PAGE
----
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Just wondering what is the usual practice for merging back to the master, when the HEAD is likely to have been updated again since the last pull before the merge. To illustrate, in the following diagram, M is the intended merge point, but since master HEAD is updated to A1 by the time M is committed and ready to be pushed, M1 will become the new intended merge point, in other words a new merge has to be attempted.

            \     \
             M     M1
            /     /

Note that I would prefer not to merge M and A1 because there might be A2, A3 down the line and if the problem recurs it just looks too messy to me with additional unintended merges. If the changes in local are sufficiently independent from those in master, sometimes I would just rebase on top of master which I find to be an easier solution. But at other times I am really hoping there is some way I can "re-use" the merging work I did for M, for M1.

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does everyone have push access to master or is it maintained by a single person who pulls from individual team members repositories? – Jacob Groundwater Nov 26 '11 at 9:34
everyone, the process is 'act on good sense, in general' – prusswan Nov 26 '11 at 9:36
If everyone were to push to their own repository and a single person owned master would that help? That person would essentially decide how to pull and in which order. I can explain in an answer if you like. – Jacob Groundwater Nov 26 '11 at 9:38
As in an arbitrator? Yes that is another way although I am looking for something that does not involve the consensus of other people. The downside is that that person will have to deal with all of the decision making, which is delegated to him. Nevertheless, if you post that as an answer I will upvote it. – prusswan Nov 26 '11 at 9:43
posted, i'd be happy to expand any parts that are unclear. – Jacob Groundwater Nov 26 '11 at 9:56

Let's say each person on the team maintains their own repository. A single person on the team maintains what is collectively known as the main repository.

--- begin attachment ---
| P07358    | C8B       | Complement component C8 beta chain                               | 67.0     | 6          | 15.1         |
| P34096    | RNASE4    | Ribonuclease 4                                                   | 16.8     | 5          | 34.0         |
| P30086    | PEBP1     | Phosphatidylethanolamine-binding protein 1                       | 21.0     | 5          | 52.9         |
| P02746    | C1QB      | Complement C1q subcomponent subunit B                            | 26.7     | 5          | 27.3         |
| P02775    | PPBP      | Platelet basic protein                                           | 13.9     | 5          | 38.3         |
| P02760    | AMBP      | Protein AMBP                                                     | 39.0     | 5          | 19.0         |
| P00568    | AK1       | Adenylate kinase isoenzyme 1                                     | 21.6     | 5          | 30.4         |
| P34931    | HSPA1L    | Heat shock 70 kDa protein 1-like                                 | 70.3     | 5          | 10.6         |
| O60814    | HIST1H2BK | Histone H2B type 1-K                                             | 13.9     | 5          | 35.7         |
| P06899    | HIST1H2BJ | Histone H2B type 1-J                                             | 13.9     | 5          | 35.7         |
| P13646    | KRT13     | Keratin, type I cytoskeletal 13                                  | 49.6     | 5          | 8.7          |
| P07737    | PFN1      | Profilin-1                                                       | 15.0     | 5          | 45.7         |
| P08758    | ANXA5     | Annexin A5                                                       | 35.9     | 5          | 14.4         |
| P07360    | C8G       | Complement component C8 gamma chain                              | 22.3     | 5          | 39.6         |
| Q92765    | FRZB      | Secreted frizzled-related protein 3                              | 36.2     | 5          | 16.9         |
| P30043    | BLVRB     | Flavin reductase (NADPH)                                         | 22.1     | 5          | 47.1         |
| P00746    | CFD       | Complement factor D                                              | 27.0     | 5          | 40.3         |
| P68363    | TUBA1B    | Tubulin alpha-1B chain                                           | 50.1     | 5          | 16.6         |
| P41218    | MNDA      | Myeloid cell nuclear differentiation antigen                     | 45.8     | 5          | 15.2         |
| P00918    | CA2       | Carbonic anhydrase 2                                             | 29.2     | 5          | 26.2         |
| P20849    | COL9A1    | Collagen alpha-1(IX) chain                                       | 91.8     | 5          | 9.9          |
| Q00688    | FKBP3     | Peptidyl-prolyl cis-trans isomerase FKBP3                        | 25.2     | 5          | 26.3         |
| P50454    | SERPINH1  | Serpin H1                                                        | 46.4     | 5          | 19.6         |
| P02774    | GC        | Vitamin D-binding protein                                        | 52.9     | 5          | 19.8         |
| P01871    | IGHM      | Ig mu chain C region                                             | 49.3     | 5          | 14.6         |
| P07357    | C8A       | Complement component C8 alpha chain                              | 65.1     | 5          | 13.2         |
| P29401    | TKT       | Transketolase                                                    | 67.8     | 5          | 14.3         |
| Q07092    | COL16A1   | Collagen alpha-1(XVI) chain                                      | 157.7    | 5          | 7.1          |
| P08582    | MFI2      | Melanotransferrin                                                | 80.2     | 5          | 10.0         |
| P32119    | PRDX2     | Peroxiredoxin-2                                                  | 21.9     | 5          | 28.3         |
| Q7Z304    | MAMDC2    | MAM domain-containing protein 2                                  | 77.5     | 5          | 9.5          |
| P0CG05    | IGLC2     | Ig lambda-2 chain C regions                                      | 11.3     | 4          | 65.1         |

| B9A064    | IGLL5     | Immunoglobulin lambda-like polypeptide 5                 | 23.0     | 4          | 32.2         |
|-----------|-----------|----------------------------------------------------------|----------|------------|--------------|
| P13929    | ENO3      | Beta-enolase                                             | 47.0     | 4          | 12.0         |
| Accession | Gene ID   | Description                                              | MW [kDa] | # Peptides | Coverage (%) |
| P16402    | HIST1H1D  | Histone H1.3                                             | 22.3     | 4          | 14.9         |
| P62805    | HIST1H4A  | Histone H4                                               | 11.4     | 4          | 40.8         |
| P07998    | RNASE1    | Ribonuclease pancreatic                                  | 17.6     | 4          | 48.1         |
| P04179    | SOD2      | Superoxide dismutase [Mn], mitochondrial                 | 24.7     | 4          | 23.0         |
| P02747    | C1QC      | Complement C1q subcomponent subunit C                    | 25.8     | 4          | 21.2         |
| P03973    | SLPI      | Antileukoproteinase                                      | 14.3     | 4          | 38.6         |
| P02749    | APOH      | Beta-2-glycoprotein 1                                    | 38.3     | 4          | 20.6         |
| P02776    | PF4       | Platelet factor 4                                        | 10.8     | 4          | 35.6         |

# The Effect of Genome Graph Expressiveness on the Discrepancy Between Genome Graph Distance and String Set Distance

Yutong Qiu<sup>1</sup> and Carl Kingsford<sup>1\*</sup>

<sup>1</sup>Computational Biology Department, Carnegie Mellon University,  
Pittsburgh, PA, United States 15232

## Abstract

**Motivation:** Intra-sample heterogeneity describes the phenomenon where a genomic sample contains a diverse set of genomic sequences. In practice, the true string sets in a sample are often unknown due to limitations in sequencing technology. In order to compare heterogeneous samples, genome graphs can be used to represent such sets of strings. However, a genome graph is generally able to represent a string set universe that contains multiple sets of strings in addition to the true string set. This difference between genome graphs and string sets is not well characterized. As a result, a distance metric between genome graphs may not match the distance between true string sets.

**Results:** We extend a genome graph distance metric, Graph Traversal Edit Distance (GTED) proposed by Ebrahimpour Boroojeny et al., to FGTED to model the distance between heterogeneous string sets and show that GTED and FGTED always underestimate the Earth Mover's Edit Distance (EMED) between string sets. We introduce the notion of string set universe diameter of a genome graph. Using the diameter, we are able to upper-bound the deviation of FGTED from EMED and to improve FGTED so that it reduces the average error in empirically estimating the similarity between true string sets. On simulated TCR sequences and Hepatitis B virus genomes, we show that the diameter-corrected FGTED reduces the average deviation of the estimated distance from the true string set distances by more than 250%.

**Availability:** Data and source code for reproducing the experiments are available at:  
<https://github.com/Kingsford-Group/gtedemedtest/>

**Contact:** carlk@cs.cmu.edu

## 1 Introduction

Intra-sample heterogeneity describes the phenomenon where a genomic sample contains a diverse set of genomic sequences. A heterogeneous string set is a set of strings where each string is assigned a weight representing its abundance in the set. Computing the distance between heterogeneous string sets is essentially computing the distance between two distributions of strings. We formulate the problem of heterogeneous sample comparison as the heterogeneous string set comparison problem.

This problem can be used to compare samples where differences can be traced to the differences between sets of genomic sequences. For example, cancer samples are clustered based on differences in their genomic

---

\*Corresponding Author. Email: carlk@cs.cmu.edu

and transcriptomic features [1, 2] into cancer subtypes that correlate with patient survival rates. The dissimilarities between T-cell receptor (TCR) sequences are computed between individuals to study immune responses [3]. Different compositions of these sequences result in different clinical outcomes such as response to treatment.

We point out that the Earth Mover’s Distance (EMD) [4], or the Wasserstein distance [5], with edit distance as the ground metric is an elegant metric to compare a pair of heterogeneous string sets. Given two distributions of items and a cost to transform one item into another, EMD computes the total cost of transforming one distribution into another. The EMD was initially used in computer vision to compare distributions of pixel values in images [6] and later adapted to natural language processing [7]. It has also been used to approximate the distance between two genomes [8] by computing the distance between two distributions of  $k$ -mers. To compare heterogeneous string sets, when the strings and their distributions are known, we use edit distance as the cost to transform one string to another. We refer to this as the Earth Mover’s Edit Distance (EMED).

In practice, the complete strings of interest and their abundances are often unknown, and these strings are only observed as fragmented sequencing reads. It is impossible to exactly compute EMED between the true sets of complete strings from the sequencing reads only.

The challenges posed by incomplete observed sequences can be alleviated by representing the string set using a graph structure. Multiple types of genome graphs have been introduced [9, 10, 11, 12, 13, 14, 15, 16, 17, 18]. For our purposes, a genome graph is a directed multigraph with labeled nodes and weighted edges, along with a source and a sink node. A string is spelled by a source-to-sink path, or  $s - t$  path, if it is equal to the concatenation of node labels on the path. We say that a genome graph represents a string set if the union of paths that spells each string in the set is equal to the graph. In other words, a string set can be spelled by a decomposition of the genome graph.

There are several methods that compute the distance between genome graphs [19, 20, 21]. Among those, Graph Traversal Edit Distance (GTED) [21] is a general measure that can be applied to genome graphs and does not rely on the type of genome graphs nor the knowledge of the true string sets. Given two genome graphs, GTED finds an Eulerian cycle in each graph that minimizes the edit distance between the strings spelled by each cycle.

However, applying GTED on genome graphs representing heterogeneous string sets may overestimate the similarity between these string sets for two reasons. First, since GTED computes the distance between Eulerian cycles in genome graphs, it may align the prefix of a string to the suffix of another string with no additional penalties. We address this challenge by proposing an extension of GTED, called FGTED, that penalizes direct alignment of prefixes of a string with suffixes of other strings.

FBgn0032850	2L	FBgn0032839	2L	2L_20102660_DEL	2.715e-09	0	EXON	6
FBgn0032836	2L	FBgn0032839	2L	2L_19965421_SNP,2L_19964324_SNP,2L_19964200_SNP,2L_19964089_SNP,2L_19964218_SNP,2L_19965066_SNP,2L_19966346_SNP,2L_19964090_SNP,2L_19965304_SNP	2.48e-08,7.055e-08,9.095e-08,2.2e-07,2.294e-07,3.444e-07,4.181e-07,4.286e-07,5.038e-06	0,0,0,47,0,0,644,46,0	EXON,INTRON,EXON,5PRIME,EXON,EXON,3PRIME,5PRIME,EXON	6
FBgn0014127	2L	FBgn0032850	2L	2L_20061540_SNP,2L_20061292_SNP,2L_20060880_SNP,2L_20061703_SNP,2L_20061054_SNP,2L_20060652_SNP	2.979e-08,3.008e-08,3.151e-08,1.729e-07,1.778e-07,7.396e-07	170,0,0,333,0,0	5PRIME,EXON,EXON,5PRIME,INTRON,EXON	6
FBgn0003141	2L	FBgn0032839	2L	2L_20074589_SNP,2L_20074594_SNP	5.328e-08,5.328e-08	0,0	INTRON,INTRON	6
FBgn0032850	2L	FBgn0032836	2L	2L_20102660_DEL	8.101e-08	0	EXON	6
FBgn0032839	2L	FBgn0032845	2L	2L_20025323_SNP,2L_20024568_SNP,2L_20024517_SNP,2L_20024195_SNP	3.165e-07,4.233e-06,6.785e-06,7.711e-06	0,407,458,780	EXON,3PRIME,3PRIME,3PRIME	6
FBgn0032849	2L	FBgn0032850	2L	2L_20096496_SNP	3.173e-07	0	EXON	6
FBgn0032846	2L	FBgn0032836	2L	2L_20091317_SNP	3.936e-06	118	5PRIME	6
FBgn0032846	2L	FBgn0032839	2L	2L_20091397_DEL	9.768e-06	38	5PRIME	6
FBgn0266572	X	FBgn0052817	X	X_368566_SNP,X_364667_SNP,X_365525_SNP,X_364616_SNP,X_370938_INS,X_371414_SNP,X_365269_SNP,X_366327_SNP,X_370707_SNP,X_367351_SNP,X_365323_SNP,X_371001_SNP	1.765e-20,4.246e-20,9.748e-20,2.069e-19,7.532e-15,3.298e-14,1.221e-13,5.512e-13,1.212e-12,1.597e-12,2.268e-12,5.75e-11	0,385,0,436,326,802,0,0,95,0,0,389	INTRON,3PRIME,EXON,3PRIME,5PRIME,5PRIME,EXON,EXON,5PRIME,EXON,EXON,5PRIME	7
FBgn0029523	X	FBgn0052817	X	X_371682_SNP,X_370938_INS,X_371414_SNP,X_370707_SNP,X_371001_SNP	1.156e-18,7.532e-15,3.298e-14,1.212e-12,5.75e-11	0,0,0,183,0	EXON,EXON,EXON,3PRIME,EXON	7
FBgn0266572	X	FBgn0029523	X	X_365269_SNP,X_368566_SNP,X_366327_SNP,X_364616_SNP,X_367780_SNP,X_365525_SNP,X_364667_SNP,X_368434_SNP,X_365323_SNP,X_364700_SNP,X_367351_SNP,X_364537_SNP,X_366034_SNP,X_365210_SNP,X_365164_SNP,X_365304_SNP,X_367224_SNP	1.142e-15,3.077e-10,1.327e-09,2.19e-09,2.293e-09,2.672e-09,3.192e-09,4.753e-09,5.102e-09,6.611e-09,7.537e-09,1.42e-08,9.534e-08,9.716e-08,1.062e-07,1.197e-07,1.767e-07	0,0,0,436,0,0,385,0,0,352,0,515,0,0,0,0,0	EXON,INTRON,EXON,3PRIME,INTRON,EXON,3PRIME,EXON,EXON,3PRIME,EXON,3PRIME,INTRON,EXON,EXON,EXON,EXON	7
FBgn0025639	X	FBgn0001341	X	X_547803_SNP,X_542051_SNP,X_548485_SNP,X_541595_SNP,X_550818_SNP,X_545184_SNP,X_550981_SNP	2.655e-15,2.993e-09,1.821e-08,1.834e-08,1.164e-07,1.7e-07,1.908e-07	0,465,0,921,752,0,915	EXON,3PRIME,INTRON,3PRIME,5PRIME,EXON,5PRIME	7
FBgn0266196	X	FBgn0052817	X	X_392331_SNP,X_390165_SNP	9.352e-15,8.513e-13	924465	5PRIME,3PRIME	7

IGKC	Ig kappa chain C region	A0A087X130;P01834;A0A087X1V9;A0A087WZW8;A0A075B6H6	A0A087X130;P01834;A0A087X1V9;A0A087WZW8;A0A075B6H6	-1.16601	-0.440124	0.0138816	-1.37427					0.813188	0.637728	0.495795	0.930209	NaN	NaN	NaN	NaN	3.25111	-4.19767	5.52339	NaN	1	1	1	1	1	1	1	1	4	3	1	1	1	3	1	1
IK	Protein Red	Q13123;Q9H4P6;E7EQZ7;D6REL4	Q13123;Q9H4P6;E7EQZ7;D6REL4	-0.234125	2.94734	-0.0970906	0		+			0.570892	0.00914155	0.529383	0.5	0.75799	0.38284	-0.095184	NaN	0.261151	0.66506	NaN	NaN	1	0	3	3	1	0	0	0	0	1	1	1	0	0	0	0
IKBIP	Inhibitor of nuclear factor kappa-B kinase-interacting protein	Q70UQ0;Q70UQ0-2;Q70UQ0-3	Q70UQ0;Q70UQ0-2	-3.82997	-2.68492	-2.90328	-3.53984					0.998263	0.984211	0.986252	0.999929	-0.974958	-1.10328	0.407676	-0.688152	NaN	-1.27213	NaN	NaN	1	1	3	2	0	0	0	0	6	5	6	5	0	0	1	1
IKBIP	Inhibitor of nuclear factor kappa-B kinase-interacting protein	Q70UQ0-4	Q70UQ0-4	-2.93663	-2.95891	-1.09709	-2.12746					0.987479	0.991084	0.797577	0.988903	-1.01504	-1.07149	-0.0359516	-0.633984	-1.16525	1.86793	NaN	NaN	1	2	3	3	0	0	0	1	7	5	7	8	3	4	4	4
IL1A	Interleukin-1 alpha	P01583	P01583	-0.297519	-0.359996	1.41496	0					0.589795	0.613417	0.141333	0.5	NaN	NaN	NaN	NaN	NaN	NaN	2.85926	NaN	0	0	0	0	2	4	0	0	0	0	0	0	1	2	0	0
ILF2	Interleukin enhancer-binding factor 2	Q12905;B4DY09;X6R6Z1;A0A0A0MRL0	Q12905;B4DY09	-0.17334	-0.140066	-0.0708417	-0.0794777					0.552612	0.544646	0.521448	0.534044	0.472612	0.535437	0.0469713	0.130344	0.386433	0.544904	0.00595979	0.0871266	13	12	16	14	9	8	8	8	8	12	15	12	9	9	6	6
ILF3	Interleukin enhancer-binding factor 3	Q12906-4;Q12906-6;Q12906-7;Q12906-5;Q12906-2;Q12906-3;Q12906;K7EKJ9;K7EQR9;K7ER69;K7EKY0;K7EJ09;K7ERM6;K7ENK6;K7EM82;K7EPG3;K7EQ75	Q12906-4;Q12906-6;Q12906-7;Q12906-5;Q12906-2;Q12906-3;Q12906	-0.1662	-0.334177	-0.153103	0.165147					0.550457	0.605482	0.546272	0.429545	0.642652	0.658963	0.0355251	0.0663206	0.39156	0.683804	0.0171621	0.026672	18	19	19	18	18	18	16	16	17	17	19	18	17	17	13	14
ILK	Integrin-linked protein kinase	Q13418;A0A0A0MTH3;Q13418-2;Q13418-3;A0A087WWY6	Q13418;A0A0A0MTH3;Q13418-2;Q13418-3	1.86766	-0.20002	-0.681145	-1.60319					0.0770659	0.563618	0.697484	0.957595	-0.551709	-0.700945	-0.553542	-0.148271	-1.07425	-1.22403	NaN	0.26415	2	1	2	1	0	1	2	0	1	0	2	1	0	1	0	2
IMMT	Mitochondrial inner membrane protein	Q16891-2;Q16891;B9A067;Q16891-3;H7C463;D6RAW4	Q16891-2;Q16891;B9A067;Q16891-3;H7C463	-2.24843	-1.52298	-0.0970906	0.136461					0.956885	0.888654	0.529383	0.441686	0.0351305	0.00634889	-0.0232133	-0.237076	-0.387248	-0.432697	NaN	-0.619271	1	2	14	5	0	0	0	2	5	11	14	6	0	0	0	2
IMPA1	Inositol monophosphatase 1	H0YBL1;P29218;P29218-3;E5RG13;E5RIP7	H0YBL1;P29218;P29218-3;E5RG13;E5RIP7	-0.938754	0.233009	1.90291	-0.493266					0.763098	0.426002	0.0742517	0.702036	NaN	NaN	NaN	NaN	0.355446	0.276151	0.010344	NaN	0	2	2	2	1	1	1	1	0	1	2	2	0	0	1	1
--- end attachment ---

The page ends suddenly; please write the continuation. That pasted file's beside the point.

As team members work, they can pull from main but they do not push to main. During a pull, if there is a merge conflict that person will fix their own code.

Now the owner of main needs at the very least read access to each members repository. The owner of main then pulls from each repository in turn. If there are no merge conflicts, no problem. If there is a conflict then the owner of main aborts the commit, and let's the person who owns the code fix the conflict. Let's go over this part in detail

  1. main pulls from bob - ok; the merge is completed and published
  2. main pulls from tom - conflict; the merge is aborted
  3. the owner of main tells tom to pull the latest changes and fix the conflict
  4. tom can fix the conflict himself, then tell main to try again
  5. main pulls from tom - ok

This process is just repeated each day, or however often your integration cycle is.

While it definitely puts the burden onto a single person, that person does not have to fix any of the conflicts, it's a job that could be automated given the right motivation. This is how Linus does it for managing the kernel.

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I realize in our current process, whoever that pushes a merge onto remote is implicitly obliged to fix any conflicts associated with that merge. Another issue is that a number of devs have freshly transitioned from svn and are actually advised to stick to main as they are not comfortable with the idea of operating with multiple remote branches. – prusswan Nov 26 '11 at 10:31